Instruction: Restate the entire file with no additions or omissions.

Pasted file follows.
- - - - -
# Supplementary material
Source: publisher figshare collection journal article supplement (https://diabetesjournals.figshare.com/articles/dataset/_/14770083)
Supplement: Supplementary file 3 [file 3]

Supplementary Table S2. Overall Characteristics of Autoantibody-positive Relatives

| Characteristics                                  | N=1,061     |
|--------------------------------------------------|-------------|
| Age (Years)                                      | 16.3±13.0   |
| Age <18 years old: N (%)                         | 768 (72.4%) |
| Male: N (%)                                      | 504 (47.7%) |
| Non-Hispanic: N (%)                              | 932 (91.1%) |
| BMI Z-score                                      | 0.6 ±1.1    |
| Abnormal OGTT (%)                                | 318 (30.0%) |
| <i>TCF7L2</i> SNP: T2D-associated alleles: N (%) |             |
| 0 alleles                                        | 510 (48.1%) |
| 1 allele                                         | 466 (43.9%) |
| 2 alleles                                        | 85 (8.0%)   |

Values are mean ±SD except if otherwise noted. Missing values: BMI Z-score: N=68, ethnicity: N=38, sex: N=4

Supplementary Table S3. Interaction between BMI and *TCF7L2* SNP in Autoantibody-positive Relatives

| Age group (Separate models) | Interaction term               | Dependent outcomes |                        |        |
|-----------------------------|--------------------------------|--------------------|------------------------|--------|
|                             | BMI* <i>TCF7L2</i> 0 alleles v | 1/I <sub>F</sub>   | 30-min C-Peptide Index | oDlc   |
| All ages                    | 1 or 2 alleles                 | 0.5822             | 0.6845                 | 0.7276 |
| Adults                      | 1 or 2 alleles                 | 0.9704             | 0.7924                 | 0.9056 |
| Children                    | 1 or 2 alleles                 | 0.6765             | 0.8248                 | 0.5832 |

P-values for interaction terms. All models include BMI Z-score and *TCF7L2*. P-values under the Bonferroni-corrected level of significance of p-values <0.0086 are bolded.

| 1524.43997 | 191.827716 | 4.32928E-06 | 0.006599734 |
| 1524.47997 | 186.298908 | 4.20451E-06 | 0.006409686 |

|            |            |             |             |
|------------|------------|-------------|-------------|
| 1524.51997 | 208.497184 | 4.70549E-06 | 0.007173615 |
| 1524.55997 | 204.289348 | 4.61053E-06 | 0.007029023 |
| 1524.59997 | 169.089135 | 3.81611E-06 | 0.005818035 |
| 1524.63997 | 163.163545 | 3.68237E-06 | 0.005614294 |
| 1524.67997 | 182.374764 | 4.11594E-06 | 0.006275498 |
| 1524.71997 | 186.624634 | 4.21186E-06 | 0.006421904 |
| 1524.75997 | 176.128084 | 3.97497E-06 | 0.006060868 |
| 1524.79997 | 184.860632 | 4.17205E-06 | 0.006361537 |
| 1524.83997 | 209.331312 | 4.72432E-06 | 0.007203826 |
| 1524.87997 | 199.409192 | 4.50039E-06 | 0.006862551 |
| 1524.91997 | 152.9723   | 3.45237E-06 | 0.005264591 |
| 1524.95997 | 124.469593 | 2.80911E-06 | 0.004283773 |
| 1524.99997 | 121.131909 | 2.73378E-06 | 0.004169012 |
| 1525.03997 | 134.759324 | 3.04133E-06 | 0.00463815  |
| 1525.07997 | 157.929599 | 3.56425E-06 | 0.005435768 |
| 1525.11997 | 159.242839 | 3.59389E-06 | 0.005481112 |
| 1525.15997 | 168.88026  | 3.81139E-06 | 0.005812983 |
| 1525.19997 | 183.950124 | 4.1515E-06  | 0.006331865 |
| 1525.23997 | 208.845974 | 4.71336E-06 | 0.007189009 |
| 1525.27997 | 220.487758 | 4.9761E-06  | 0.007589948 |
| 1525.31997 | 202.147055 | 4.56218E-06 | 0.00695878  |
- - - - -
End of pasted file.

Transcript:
# Supplementary material
Source: publisher figshare collection journal article supplement (https://diabetesjournals.figshare.com/articles/dataset/_/14770083)
Supplement: Supplementary file 3 [file 3]

Supplementary Table S2. Overall Characteristics of Autoantibody-positive Relatives

| Characteristics                                  | N=1,061     |
|--------------------------------------------------|-------------|
| Age (Years)                                      | 16.3±13.0   |
| Age <18 years old: N (%)                         | 768 (72.4%) |
| Male: N (%)                                      | 504 (47.7%) |
| Non-Hispanic: N (%)                              | 932 (91.1%) |
| BMI Z-score                                      | 0.6 ±1.1    |
| Abnormal OGTT (%)                                | 318 (30.0%) |
| <i>TCF7L2</i> SNP: T2D-associated alleles: N (%) |             |
| 0 alleles                                        | 510 (48.1%) |
| 1 allele                                         | 466 (43.9%) |
| 2 alleles                                        | 85 (8.0%)   |

Values are mean ±SD except if otherwise noted. Missing values: BMI Z-score: N=68, ethnicity: N=38, sex: N=4

Supplementary Table S3. Interaction between BMI and *TCF7L2* SNP in Autoantibody-positive Relatives

| Age group (Separate models) | Interaction term               | Dependent outcomes |                        |        |
|-----------------------------|--------------------------------|--------------------|------------------------|--------|
|                             | BMI* <i>TCF7L2</i> 0 alleles v | 1/I <sub>F</sub>   | 30-min C-Peptide Index | oDlc   |
| All ages                    | 1 or 2 alleles                 | 0.5822             | 0.6845                 | 0.7276 |
| Adults                      | 1 or 2 alleles                 | 0.9704             | 0.7924                 | 0.9056 |
| Children                    | 1 or 2 alleles                 | 0.6765             | 0.8248                 | 0.5832 |

P-values for interaction terms. All models include BMI Z-score and *TCF7L2*. P-values under the Bonferroni-corrected level of significance of p-values <0.0086 are bolded.

| 1524.43997 | 191.827716 | 4.32928E-06 | 0.006599734 |
| 1524.47997 | 186.298908 | 4.20451E-06 | 0.006409686 |

|            |            |             |             |
|------------|------------|-------------|-------------|
| 1524.51997 | 208.497184 | 4.70549E-06 | 0.007173615 |
| 1524.55997 | 204.289348 | 4.61053E-06 | 0.007029023 |
| 1524.59997 | 169.089135 | 3.81611E-06 | 0.005818035 |
| 1524.63997 | 163.163545 | 3.68237E-06 | 0.005614294 |
| 1524.67997 | 182.374764 | 4.11594E-06 | 0.006275498 |
| 1524.71997 | 186.624634 | 4.21186E-06 | 0.006421904 |
| 1524.75997 | 176.128084 | 3.97497E-06 | 0.006060868 |
| 1524.79997 | 184.860632 | 4.17205E-06 | 0.006361537 |
| 1524.83997 | 209.331312 | 4.72432E-06 | 0.007203826 |
| 1524.87997 | 199.409192 | 4.50039E-06 | 0.006862551 |
| 1524.91997 | 152.9723   | 3.45237E-06 | 0.005264591 |
| 1524.95997 | 124.469593 | 2.80911E-06 | 0.004283773 |
| 1524.99997 | 121.131909 | 2.73378E-06 | 0.004169012 |
| 1525.03997 | 134.759324 | 3.04133E-06 | 0.00463815  |
| 1525.07997 | 157.929599 | 3.56425E-06 | 0.005435768 |
| 1525.11997 | 159.242839 | 3.59389E-06 | 0.005481112 |
| 1525.15997 | 168.88026  | 3.81139E-06 | 0.005812983 |
| 1525.19997 | 183.950124 | 4.1515E-06  | 0.006331865 |
| 1525.23997 | 208.845974 | 4.71336E-06 | 0.007189009 |
| 1525.27997 | 220.487758 | 4.9761E-06  | 0.007589948 |
| 1525.31997 | 202.147055 | 4.56218E-06 | 0.00695878  |